|image via @tguskey|
Thursday, December 31, 2015
Is it time we stop 'averaging' grades?
Wednesday, December 30, 2015
Top 15 #education tweets of 2015:
Rigor vs. difficulty... via @kdworkshops #edchat pic.twitter.com/wQCqi1QgqH— Dr. Justin Tarte (@justintarte) April 24, 2015
Give a kid a grade & the learning stops. Give feedback & extending questions & the learning goes deeper. #edchat pic.twitter.com/ckkrGMrKld— Dr. Justin Tarte (@justintarte) September 19, 2015
Too often we give children answers to remember rather than problems to solve... #edchat pic.twitter.com/KKWs3LLv24— Dr. Justin Tarte (@justintarte) March 30, 2015
Greeting students as they enter your classroom increases engagement by 27%: #edchat pic.twitter.com/3oKEuFuUE3— Dr. Justin Tarte (@justintarte) July 5, 2015
Social media is like water. We can ignore it & watch kids drown or we can teach kids how to swim. by @gcouros #edchat pic.twitter.com/elUHHhPBee— Dr. Justin Tarte (@justintarte) August 15, 2015
The culture of any organization is shaped by the worst behavior the leader is willing to tolerate. via @ToddWhitaker pic.twitter.com/OOnt7iplNs— Dr. Justin Tarte (@justintarte) March 6, 2015
Do our students realize this is the world they live in? If not, we need to teach, NOT ban. via @julnilsmith #edchat pic.twitter.com/2hqHITJb8R— Dr. Justin Tarte (@justintarte) September 6, 2015
If you still don't believe in redos & retakes, then you should read this: #edchat via @rickwormeli2 pic.twitter.com/snsXeCXfb7— Dr. Justin Tarte (@justintarte) January 17, 2015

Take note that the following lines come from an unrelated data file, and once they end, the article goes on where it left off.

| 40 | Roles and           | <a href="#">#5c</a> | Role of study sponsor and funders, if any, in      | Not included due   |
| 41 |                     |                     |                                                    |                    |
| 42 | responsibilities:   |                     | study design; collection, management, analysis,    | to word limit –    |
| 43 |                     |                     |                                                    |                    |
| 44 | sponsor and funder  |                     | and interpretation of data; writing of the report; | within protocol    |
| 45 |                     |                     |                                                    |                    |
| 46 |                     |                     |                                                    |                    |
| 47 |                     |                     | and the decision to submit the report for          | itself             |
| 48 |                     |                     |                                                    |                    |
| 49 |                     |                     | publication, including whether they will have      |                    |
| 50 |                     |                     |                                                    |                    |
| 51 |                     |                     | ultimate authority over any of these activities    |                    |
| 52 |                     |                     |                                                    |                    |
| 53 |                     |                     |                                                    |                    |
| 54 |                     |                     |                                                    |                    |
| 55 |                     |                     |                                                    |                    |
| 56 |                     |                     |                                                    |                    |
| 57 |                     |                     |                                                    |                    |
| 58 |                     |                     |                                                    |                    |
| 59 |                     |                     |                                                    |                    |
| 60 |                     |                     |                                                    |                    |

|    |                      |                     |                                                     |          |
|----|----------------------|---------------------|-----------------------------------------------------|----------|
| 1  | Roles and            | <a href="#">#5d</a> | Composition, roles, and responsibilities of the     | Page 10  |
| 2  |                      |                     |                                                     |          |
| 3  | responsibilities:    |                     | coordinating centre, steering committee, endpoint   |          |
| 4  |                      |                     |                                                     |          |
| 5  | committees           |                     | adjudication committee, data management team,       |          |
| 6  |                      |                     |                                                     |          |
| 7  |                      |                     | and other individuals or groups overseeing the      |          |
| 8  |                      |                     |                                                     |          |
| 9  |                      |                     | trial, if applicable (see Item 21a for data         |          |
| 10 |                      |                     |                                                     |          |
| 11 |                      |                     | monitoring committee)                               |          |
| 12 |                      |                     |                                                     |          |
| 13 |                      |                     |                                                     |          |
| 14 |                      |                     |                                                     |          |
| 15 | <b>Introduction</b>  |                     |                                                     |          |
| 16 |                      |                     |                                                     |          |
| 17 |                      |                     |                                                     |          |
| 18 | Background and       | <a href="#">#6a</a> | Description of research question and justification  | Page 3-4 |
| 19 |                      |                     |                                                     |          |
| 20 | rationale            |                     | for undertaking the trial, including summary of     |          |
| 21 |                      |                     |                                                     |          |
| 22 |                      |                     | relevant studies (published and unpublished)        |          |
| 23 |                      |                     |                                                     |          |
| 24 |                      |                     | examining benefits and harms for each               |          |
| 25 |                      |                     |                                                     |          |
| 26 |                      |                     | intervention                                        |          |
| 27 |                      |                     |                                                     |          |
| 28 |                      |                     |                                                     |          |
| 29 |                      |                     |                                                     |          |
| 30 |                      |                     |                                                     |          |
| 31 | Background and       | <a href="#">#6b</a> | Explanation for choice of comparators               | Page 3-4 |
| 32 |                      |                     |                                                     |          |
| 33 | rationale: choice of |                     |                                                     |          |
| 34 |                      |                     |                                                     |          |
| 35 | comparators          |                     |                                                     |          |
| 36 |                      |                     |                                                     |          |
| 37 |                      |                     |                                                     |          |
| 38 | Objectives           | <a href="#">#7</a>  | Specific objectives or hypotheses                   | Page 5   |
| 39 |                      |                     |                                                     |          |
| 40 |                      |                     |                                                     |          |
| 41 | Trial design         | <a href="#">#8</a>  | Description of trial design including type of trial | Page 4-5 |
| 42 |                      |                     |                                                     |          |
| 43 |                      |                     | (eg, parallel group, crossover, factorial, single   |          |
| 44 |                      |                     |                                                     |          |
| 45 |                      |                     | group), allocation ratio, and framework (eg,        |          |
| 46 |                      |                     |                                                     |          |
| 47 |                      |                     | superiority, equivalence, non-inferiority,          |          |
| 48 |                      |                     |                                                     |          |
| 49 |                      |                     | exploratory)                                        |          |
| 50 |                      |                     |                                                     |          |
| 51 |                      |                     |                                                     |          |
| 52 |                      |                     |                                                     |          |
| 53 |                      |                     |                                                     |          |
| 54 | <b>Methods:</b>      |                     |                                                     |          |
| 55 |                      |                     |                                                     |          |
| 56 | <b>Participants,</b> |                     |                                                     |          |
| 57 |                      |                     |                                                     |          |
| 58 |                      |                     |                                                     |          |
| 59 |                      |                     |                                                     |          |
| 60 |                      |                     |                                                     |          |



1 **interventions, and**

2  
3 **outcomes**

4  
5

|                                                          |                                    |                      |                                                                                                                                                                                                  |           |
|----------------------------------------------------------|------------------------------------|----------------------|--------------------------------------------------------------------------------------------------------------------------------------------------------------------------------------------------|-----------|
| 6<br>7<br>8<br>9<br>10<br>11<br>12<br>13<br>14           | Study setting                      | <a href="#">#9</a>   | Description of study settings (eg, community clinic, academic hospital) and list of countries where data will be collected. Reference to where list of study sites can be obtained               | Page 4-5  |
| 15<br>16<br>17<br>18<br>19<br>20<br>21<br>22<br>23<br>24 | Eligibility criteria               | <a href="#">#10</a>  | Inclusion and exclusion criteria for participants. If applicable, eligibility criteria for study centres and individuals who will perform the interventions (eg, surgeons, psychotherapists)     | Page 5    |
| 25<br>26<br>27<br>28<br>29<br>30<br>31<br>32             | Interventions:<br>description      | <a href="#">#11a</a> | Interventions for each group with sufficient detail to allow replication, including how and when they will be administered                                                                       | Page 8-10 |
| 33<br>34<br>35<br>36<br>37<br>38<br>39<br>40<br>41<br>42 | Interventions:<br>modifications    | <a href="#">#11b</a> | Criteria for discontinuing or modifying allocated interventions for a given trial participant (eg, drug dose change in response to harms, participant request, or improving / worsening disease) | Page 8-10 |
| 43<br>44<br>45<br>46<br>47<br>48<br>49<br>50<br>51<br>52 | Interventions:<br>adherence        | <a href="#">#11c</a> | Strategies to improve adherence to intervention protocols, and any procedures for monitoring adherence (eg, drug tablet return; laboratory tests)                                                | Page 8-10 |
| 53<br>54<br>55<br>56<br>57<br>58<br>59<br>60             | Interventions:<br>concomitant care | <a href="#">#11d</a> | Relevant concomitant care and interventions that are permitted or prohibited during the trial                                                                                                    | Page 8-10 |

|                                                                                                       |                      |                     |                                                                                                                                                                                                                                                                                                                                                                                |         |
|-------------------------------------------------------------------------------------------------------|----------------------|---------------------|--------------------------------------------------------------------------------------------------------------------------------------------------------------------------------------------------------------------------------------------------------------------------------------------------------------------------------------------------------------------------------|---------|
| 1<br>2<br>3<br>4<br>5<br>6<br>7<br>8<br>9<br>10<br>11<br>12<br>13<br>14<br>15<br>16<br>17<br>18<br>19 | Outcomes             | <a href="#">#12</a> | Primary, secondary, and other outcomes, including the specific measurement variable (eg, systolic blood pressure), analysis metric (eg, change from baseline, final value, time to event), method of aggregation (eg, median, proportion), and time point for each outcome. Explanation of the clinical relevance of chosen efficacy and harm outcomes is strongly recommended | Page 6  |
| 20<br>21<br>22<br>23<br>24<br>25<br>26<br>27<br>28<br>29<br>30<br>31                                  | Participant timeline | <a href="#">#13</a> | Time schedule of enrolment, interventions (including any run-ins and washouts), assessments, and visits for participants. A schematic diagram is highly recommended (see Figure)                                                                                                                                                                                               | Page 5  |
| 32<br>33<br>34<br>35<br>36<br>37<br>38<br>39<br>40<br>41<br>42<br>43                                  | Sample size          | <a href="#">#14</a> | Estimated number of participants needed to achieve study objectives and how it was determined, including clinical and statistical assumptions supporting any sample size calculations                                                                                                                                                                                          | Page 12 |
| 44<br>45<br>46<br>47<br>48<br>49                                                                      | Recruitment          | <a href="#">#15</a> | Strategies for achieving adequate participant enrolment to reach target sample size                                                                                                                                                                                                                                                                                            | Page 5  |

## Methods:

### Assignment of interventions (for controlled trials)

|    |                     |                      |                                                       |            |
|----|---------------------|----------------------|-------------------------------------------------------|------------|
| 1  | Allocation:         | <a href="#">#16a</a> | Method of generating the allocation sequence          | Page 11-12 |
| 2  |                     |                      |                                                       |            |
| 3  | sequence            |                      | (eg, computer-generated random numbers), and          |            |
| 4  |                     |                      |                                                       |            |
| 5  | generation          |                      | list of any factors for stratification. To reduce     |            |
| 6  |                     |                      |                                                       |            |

Here's what we are telling students when we don't allow them to redo their work: via @rickwormeli2 #edchat pic.twitter.com/noc3WEqVXB— Dr. Justin Tarte (@justintarte) August 2, 2015
Expecting kids the same age 2 learn the same thing is like expecting kids the same age 2 wear the same size clothing pic.twitter.com/Kr8pkjfMDd— Dr. Justin Tarte (@justintarte) November 7, 2015
When a flower doesn't bloom, you fix the environment in which it grows, not the flower. #leadership pic.twitter.com/X8hY6k3Rcz— Dr. Justin Tarte (@justintarte) October 25, 2015
10 truths about educating kids that often are ignored... via @alfiekohn #edchat #unionrxi pic.twitter.com/GLMODlxfnO— Dr. Justin Tarte (@justintarte) June 14, 2015
The best 1:1 device in a classroom has always been and will always be a great teacher. #edchat pic.twitter.com/Cyd8IuEvHu— Dr. Justin Tarte (@justintarte) April 10, 2015
Best homework ever... make the world a better place. via @peterlynch11 #edchat #moed15 pic.twitter.com/z320rrXTcX— Dr. Justin Tarte (@justintarte) July 27, 2015
Grades should reflect demonstration & mastery of learning, not compliance and completion of assigned work. #edchat pic.twitter.com/dW05JLpe8J— Dr. Justin Tarte (@justintarte) December 29, 2015
Tuesday, December 29, 2015
5 ways to boost creativity in your classroom
Our kids come to school with a unique and different skill-set and far too often these wonderful abilities are suppressed under the weight of objectives and learning targets. What would happen if students were able to take their skills and build on the required objectives and learning targets? Better yet, what if students helped to come up with those objectives and learning targets? What if we allowed and encouraged our students to share their genius with others and join the ranks of teachers as facilitators and activators of learning...?
|via the Huffington Post|
The learning spaces and environments that kids experience have huge implications on how they respond and what they are able to imagine. In a traditional four-walled classroom, students' creativity is limited and contained just like the classroom itself. Open up student minds by getting them outside and by getting them in different spaces. A cheap way to boost creativity is simply to keep the learning space fresh and unique.
3). Don't use rubrics for everything and don't tell students what the final objective is.